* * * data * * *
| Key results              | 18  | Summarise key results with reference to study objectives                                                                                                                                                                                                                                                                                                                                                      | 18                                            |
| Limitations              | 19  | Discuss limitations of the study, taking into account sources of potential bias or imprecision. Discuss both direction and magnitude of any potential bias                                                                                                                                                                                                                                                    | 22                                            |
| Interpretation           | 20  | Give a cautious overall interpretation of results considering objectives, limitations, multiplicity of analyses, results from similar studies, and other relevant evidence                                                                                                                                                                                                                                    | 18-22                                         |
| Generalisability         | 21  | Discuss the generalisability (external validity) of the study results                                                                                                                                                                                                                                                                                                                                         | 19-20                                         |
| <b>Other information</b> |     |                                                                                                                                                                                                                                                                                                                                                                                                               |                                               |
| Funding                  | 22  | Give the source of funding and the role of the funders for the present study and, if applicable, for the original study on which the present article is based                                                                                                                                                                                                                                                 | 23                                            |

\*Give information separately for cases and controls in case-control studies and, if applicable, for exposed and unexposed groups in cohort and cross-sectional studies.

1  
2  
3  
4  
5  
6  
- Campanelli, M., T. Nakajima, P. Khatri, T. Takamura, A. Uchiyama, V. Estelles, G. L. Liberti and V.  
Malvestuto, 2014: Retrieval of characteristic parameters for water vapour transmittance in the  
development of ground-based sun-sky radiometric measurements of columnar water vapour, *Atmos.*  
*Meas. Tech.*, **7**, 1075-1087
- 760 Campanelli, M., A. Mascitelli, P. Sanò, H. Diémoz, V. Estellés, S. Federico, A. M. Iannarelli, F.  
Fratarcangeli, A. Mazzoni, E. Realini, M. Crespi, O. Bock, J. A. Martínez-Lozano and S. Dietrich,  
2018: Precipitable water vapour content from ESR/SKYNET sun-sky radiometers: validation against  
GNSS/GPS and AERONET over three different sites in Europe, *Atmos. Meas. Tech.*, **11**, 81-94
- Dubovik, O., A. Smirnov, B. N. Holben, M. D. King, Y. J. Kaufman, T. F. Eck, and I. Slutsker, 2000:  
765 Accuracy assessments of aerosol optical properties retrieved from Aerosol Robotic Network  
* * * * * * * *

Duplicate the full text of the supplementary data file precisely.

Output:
| Key results              | 18  | Summarise key results with reference to study objectives                                                                                                                                                                                                                                                                                                                                                      | 18                                            |
| Limitations              | 19  | Discuss limitations of the study, taking into account sources of potential bias or imprecision. Discuss both direction and magnitude of any potential bias                                                                                                                                                                                                                                                    | 22                                            |
| Interpretation           | 20  | Give a cautious overall interpretation of results considering objectives, limitations, multiplicity of analyses, results from similar studies, and other relevant evidence                                                                                                                                                                                                                                    | 18-22                                         |
| Generalisability         | 21  | Discuss the generalisability (external validity) of the study results                                                                                                                                                                                                                                                                                                                                         | 19-20                                         |
| <b>Other information</b> |     |                                                                                                                                                                                                                                                                                                                                                                                                               |                                               |
| Funding                  | 22  | Give the source of funding and the role of the funders for the present study and, if applicable, for the original study on which the present article is based                                                                                                                                                                                                                                                 | 23                                            |

\*Give information separately for cases and controls in case-control studies and, if applicable, for exposed and unexposed groups in cohort and cross-sectional studies.

1  
2  
3  
4  
5  
6  
- Campanelli, M., T. Nakajima, P. Khatri, T. Takamura, A. Uchiyama, V. Estelles, G. L. Liberti and V.  
Malvestuto, 2014: Retrieval of characteristic parameters for water vapour transmittance in the  
development of ground-based sun-sky radiometric measurements of columnar water vapour, *Atmos.*  
*Meas. Tech.*, **7**, 1075-1087
- 760 Campanelli, M., A. Mascitelli, P. Sanò, H. Diémoz, V. Estellés, S. Federico, A. M. Iannarelli, F.  
Fratarcangeli, A. Mazzoni, E. Realini, M. Crespi, O. Bock, J. A. Martínez-Lozano and S. Dietrich,  
2018: Precipitable water vapour content from ESR/SKYNET sun-sky radiometers: validation against  
GNSS/GPS and AERONET over three different sites in Europe, *Atmos. Meas. Tech.*, **11**, 81-94
- Dubovik, O., A. Smirnov, B. N. Holben, M. D. King, Y. J. Kaufman, T. F. Eck, and I. Slutsker, 2000:  
765 Accuracy assessments of aerosol optical properties retrieved from Aerosol Robotic Network  